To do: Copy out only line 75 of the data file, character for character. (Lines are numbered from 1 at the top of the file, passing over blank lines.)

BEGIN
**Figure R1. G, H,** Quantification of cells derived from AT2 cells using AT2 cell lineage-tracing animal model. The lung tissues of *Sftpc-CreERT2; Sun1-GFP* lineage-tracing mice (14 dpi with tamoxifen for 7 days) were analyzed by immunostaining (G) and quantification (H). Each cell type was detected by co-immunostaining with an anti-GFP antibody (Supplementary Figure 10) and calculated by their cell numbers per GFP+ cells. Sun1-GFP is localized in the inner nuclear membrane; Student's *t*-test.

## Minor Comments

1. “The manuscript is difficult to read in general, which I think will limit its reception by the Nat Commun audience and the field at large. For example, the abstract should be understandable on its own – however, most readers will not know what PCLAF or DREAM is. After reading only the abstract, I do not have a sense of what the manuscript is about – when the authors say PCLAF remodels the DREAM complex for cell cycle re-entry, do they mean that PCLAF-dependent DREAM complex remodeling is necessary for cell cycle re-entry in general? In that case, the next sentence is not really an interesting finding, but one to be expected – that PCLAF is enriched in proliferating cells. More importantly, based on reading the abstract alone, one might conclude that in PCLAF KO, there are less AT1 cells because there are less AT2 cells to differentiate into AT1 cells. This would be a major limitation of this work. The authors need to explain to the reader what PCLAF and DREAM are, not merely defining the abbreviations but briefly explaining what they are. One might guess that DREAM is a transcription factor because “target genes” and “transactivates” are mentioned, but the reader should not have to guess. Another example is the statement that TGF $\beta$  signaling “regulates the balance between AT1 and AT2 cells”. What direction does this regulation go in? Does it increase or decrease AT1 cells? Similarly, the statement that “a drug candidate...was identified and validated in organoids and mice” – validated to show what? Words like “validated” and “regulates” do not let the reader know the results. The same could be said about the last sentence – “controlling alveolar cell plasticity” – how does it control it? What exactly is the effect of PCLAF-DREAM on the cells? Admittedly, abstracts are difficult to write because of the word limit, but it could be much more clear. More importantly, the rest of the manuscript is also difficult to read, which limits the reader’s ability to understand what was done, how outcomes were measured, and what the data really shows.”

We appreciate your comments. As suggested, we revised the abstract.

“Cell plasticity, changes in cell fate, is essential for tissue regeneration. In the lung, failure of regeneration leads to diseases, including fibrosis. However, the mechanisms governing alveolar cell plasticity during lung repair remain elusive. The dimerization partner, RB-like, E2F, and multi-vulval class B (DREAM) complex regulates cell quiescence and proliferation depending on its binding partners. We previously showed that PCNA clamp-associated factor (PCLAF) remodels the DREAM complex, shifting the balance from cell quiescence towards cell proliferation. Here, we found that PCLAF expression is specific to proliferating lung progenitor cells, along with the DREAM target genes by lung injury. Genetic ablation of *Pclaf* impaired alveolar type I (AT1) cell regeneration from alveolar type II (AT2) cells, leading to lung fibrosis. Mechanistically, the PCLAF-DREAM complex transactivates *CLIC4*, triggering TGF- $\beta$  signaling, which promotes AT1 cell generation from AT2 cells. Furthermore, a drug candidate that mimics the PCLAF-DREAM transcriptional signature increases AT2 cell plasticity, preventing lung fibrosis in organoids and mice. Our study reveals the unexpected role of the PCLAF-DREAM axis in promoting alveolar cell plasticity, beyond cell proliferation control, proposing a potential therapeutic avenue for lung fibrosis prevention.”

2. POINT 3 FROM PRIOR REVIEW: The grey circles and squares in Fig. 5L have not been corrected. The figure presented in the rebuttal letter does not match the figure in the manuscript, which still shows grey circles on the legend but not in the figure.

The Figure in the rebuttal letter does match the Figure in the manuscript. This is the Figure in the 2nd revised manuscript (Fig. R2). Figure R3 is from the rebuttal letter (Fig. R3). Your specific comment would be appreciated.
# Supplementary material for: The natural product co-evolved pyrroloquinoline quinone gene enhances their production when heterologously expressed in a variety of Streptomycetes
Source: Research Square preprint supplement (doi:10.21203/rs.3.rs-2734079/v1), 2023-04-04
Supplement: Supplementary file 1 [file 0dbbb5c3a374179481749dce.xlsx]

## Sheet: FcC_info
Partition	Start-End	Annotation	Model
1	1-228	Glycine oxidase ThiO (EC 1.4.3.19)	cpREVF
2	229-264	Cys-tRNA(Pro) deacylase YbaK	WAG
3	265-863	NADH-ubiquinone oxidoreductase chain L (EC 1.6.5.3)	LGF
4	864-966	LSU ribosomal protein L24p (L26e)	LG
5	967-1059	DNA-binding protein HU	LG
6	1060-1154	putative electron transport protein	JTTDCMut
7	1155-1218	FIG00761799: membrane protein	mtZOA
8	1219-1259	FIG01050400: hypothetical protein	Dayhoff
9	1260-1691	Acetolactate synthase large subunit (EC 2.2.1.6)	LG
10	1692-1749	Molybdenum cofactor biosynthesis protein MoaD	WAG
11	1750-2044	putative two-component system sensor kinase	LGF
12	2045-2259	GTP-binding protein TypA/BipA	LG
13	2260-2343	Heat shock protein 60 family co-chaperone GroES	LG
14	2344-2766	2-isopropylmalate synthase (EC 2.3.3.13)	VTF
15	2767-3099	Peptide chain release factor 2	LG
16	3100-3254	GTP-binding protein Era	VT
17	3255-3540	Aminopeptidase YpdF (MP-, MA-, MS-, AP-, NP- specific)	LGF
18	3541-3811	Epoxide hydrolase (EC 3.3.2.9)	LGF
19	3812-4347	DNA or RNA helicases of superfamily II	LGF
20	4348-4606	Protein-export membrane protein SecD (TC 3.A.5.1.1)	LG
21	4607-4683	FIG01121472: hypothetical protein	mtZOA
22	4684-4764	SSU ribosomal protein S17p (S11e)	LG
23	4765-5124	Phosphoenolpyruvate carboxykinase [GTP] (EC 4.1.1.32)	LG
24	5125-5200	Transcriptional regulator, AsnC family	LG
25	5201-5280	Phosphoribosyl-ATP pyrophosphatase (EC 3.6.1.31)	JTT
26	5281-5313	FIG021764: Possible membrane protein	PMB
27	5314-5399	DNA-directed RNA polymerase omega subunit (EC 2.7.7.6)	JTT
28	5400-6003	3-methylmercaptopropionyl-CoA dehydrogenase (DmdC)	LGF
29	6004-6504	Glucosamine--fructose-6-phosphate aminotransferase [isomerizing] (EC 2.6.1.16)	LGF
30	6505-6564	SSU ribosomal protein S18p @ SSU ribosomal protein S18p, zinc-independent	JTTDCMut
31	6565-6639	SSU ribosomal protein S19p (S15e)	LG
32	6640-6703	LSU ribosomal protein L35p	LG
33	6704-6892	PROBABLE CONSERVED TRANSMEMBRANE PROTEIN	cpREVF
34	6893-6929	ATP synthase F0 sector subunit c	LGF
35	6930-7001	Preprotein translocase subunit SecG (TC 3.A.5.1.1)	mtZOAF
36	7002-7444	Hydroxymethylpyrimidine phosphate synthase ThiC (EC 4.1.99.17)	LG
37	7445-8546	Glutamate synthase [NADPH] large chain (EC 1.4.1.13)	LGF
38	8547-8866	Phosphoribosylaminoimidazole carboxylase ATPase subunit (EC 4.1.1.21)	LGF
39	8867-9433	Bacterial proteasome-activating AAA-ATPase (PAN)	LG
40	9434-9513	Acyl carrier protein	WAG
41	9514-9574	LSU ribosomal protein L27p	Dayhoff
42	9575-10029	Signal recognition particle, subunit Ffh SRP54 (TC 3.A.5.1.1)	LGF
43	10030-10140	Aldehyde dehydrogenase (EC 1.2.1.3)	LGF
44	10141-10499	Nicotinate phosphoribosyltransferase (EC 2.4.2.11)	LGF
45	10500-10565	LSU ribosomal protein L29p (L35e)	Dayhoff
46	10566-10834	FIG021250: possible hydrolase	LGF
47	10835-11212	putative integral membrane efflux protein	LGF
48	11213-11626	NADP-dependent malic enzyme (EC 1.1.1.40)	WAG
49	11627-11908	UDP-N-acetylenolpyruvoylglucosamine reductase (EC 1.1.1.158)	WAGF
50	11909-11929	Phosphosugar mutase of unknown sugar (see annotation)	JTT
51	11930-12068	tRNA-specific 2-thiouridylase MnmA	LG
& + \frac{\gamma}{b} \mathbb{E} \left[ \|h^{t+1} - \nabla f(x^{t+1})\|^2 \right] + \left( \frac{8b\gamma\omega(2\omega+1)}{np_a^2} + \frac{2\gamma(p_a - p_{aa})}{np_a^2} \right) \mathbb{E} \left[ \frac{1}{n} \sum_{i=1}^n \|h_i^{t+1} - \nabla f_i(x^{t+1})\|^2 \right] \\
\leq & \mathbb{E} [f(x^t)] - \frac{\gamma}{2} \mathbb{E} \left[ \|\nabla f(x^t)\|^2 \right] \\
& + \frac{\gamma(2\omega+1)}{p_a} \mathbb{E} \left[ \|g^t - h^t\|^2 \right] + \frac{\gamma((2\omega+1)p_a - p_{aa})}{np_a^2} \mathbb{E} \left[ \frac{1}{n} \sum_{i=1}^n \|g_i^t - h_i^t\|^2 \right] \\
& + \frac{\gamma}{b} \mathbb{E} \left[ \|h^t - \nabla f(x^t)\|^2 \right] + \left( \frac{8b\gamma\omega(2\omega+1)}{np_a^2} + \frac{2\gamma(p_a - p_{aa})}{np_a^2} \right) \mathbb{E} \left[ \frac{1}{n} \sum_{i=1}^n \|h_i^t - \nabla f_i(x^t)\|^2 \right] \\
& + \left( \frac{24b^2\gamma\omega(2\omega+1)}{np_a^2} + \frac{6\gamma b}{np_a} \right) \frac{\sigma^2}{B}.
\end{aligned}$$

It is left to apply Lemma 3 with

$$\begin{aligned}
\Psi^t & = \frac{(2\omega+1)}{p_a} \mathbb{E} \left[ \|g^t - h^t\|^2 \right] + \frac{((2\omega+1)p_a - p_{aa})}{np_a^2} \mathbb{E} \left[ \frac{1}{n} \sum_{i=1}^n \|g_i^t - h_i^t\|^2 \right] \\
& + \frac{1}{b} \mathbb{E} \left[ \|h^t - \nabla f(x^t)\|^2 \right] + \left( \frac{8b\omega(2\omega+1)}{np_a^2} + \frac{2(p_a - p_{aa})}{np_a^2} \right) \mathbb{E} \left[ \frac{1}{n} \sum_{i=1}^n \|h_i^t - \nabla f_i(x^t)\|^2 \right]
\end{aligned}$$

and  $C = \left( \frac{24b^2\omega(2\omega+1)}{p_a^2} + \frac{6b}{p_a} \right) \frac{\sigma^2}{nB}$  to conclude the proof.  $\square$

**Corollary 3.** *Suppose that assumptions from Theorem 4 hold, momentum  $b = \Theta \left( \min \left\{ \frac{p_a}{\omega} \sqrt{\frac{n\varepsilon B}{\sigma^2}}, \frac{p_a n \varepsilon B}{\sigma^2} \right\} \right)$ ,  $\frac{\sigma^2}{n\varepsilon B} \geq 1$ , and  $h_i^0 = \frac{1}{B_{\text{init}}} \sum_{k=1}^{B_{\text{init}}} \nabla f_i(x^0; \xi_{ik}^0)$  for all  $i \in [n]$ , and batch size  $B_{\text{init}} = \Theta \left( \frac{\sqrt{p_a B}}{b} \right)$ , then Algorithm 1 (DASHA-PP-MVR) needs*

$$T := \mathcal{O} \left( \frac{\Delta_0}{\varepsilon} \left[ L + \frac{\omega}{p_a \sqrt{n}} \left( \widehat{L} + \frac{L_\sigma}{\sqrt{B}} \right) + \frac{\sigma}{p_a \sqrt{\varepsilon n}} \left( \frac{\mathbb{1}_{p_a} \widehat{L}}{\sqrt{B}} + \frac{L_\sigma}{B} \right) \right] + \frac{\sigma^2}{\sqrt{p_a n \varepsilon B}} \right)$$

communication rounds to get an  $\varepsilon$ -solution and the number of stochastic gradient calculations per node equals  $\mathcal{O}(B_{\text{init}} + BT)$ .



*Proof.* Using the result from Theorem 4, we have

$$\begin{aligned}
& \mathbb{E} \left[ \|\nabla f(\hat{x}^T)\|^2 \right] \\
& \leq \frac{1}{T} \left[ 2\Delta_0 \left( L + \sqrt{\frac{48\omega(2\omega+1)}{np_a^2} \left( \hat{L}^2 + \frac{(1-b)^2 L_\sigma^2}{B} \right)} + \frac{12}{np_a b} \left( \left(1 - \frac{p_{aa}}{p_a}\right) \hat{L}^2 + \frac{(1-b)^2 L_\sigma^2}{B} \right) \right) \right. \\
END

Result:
and  $C = \left( \frac{24b^2\omega(2\omega+1)}{p_a^2} + \frac{6b}{p_a} \right) \frac{\sigma^2}{nB}$  to conclude the proof.  $\square$